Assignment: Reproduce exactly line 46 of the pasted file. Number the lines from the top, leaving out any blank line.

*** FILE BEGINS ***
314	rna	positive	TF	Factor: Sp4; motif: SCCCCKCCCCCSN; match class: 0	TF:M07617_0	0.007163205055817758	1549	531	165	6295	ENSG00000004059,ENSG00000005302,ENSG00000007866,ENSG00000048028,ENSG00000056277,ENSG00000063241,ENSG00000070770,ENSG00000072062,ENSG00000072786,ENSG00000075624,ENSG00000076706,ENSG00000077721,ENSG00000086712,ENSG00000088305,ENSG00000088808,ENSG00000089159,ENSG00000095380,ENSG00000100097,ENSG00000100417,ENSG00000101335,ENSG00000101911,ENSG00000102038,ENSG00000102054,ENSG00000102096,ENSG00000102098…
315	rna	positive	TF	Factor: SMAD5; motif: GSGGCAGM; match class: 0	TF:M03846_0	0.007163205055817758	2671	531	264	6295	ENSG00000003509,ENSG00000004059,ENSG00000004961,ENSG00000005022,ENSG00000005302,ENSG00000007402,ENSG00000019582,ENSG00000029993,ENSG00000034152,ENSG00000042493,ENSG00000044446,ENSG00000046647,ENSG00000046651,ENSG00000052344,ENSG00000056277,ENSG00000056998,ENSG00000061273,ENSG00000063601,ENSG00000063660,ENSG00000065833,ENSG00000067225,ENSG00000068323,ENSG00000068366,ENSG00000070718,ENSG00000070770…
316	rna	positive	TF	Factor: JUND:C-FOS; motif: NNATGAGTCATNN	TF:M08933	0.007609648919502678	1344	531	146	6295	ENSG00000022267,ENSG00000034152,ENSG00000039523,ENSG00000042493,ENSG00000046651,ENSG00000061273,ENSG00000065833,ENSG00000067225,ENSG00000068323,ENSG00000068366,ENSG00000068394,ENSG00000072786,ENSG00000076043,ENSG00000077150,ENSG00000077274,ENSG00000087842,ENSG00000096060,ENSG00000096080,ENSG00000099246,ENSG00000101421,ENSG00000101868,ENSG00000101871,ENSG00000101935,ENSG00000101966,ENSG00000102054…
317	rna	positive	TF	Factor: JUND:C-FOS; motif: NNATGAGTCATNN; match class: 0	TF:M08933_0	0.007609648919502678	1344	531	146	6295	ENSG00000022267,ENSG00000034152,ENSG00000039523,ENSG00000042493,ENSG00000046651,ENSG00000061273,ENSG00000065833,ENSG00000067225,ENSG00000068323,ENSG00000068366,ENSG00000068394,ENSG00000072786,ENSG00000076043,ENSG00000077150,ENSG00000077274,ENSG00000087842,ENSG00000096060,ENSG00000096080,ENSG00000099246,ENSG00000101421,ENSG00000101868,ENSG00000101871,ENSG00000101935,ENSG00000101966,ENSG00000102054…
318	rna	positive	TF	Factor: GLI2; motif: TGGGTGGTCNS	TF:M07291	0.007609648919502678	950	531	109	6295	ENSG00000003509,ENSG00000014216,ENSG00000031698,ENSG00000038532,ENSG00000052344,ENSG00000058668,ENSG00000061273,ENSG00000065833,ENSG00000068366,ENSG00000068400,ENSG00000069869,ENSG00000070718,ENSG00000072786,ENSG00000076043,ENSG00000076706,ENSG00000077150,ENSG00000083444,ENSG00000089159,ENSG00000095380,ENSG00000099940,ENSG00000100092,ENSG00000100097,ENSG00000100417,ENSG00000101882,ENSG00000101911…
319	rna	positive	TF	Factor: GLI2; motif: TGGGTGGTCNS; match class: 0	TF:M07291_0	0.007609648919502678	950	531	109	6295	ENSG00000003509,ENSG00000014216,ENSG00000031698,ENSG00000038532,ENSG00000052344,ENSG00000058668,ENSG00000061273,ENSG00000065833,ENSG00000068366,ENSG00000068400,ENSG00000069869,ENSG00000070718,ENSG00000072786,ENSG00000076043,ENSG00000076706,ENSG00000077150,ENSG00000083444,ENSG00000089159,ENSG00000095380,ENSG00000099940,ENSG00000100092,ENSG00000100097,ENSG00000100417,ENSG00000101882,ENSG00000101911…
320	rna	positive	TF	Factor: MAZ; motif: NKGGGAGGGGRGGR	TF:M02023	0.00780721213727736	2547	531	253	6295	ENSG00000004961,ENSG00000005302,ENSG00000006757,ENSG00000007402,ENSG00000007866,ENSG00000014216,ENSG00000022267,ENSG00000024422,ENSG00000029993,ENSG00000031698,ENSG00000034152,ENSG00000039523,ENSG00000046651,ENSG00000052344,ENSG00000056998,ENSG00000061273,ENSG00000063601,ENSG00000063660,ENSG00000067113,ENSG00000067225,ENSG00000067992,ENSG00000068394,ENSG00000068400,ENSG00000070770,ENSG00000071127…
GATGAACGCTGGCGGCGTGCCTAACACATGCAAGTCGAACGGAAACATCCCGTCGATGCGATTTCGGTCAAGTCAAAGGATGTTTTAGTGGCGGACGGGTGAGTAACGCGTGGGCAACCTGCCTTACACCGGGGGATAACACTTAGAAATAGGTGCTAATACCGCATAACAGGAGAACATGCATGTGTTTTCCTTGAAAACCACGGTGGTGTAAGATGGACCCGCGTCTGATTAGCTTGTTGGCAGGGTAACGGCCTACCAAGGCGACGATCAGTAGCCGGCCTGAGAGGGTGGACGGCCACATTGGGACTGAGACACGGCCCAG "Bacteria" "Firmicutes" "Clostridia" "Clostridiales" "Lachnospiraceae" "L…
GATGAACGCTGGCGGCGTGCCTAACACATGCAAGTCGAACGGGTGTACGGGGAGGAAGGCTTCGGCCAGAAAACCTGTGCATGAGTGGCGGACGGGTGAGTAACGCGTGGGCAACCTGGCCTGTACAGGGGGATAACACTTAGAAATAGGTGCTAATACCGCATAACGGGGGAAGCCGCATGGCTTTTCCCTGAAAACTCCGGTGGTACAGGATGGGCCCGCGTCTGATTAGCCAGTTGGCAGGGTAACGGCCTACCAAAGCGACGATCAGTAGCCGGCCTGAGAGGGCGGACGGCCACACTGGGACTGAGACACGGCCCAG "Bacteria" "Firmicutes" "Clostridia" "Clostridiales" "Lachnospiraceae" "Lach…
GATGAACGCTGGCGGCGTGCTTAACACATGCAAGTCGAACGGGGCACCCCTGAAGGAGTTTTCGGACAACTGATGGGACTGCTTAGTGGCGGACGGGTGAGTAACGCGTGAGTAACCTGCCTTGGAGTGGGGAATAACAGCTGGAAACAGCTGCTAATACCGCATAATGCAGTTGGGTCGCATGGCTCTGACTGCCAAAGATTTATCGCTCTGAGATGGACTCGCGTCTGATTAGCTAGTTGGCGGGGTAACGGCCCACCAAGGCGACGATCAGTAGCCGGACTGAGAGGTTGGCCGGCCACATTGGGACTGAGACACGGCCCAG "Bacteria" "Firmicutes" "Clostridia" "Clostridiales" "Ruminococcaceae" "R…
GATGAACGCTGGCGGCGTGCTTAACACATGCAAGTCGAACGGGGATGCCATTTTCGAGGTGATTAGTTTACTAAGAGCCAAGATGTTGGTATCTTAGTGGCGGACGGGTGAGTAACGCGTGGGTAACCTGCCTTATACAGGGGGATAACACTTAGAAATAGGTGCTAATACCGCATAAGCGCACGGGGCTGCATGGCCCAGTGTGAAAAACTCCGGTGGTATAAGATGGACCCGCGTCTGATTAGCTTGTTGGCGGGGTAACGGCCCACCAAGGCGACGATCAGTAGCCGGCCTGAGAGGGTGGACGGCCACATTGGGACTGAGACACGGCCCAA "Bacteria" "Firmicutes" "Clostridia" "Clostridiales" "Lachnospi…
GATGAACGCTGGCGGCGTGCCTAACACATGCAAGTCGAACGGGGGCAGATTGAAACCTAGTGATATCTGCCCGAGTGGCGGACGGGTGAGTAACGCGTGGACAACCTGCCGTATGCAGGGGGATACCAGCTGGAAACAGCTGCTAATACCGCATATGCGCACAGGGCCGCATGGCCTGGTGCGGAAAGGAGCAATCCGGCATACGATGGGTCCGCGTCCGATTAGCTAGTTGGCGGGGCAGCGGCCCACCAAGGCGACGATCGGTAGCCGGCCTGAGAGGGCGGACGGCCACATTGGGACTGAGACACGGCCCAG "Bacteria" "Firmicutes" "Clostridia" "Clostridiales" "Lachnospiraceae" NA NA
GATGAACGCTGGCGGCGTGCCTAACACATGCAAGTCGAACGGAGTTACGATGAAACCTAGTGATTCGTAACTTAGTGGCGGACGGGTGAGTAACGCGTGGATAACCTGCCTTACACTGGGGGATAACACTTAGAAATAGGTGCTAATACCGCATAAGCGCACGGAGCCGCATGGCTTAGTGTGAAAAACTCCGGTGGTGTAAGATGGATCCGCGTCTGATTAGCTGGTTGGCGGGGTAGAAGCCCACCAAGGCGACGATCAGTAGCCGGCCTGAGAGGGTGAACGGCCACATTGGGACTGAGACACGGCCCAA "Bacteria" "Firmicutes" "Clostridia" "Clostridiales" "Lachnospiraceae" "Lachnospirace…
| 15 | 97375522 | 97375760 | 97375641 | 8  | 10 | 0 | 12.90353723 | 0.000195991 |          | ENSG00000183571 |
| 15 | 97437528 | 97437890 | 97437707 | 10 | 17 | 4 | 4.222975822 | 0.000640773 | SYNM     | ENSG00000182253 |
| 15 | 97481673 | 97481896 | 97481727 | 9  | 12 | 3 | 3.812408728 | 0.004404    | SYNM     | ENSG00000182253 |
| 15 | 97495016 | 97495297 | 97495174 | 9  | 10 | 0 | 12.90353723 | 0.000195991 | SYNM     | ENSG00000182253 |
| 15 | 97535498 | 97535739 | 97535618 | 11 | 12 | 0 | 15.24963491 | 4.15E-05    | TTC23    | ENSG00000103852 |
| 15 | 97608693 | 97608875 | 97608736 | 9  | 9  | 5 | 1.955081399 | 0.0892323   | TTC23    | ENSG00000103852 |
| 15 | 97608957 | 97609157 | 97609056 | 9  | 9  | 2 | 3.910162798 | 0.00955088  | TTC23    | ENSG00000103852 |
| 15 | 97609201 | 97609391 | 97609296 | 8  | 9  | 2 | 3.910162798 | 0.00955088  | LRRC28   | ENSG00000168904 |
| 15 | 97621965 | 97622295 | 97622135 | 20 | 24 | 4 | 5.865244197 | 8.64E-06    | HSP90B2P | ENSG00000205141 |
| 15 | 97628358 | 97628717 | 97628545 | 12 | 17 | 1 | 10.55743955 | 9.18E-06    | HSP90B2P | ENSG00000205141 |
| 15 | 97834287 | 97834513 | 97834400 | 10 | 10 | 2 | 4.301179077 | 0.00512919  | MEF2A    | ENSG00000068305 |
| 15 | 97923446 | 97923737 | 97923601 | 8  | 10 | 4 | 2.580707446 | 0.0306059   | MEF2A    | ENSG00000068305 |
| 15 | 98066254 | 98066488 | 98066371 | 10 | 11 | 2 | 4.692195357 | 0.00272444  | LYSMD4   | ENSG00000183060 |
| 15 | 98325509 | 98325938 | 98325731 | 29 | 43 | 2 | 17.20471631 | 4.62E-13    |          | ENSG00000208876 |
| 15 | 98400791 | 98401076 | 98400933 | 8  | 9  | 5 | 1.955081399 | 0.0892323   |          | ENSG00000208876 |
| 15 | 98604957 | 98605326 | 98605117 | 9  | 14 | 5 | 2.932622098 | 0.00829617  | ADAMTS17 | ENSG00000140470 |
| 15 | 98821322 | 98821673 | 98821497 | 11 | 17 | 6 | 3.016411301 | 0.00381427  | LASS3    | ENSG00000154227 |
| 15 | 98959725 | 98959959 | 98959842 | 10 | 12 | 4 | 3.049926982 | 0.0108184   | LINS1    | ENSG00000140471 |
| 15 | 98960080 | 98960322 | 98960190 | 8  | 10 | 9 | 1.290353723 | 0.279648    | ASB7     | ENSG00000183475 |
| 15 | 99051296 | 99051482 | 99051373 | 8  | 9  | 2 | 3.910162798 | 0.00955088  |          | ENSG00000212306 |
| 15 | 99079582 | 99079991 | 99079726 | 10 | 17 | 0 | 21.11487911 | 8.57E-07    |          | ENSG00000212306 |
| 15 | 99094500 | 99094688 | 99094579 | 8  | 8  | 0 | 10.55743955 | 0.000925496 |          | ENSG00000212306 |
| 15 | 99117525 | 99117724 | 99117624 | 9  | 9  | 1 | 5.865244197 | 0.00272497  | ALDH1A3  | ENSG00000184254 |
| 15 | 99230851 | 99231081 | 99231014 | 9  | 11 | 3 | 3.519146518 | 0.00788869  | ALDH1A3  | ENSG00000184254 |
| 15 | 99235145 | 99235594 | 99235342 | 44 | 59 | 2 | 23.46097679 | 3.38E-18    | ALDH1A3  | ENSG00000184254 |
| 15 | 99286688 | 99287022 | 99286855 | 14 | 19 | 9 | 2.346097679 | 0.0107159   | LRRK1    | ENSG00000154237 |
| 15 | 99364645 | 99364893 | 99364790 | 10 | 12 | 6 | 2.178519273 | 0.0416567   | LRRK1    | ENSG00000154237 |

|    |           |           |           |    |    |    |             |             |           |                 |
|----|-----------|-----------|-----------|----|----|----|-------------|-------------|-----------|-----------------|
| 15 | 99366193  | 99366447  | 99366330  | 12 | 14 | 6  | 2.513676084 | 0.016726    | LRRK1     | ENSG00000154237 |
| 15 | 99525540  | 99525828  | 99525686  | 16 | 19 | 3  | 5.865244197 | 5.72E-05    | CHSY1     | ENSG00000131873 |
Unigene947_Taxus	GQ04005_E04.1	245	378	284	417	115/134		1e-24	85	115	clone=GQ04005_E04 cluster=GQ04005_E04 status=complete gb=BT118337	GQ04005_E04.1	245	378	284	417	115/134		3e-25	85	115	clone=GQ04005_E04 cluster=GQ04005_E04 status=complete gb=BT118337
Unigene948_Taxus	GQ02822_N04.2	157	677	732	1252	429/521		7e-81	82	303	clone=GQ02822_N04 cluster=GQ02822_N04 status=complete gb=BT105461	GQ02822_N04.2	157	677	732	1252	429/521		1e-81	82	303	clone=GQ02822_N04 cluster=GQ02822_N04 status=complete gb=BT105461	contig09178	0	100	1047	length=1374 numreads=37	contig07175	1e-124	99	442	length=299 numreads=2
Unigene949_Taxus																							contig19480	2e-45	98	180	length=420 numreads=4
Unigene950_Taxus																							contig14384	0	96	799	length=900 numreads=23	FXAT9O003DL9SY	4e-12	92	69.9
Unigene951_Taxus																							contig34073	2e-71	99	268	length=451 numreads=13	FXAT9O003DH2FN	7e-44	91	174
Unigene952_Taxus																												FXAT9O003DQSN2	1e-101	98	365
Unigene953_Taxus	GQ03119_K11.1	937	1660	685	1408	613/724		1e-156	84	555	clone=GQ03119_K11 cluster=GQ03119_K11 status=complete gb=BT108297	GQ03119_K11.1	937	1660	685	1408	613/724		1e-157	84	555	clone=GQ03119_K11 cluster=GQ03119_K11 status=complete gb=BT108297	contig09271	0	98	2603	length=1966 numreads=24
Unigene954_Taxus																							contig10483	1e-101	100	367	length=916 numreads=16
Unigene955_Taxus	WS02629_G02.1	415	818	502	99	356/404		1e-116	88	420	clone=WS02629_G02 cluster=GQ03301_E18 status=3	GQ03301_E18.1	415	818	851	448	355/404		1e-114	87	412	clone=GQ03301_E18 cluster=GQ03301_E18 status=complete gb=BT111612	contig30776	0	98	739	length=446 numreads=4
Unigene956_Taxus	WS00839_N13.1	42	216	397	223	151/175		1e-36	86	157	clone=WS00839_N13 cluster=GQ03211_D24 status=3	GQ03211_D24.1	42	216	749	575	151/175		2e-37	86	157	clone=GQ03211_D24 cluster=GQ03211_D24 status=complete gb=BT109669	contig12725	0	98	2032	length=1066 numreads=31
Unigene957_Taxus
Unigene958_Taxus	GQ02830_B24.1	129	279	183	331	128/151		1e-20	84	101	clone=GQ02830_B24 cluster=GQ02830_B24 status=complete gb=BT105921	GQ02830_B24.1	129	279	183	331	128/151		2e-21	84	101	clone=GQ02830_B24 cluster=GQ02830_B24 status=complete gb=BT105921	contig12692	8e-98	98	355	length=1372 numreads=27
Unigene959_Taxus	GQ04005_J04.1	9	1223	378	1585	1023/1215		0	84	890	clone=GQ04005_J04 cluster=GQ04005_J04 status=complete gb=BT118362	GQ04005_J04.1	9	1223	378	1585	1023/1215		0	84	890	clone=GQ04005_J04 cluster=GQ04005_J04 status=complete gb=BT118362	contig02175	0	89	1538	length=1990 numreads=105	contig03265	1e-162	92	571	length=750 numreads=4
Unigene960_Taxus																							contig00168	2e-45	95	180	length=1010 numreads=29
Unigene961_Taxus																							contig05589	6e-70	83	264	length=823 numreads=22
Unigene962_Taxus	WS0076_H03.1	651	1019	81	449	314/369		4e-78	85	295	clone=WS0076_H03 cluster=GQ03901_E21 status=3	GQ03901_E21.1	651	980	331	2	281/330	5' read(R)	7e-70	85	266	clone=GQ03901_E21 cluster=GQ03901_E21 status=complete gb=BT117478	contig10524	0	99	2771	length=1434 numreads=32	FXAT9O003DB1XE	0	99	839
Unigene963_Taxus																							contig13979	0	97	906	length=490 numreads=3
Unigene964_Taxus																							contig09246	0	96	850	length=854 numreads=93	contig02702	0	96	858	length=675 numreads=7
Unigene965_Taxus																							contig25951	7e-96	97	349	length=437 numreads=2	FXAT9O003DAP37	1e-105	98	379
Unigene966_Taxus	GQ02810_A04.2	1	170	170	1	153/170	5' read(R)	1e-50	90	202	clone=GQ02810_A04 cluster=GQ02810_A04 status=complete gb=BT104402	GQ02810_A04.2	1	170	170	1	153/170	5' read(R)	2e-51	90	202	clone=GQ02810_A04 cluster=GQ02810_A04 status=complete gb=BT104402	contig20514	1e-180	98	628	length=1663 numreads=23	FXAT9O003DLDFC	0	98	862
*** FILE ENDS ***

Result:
Unigene948_Taxus	GQ02822_N04.2	157	677	732	1252	429/521		7e-81	82	303	clone=GQ02822_N04 cluster=GQ02822_N04 status=complete gb=BT105461	GQ02822_N04.2	157	677	732	1252	429/521		1e-81	82	303	clone=GQ02822_N04 cluster=GQ02822_N04 status=complete gb=BT105461	contig09178	0	100	1047	length=1374 numreads=37	contig07175	1e-124	99	442	length=299 numreads=2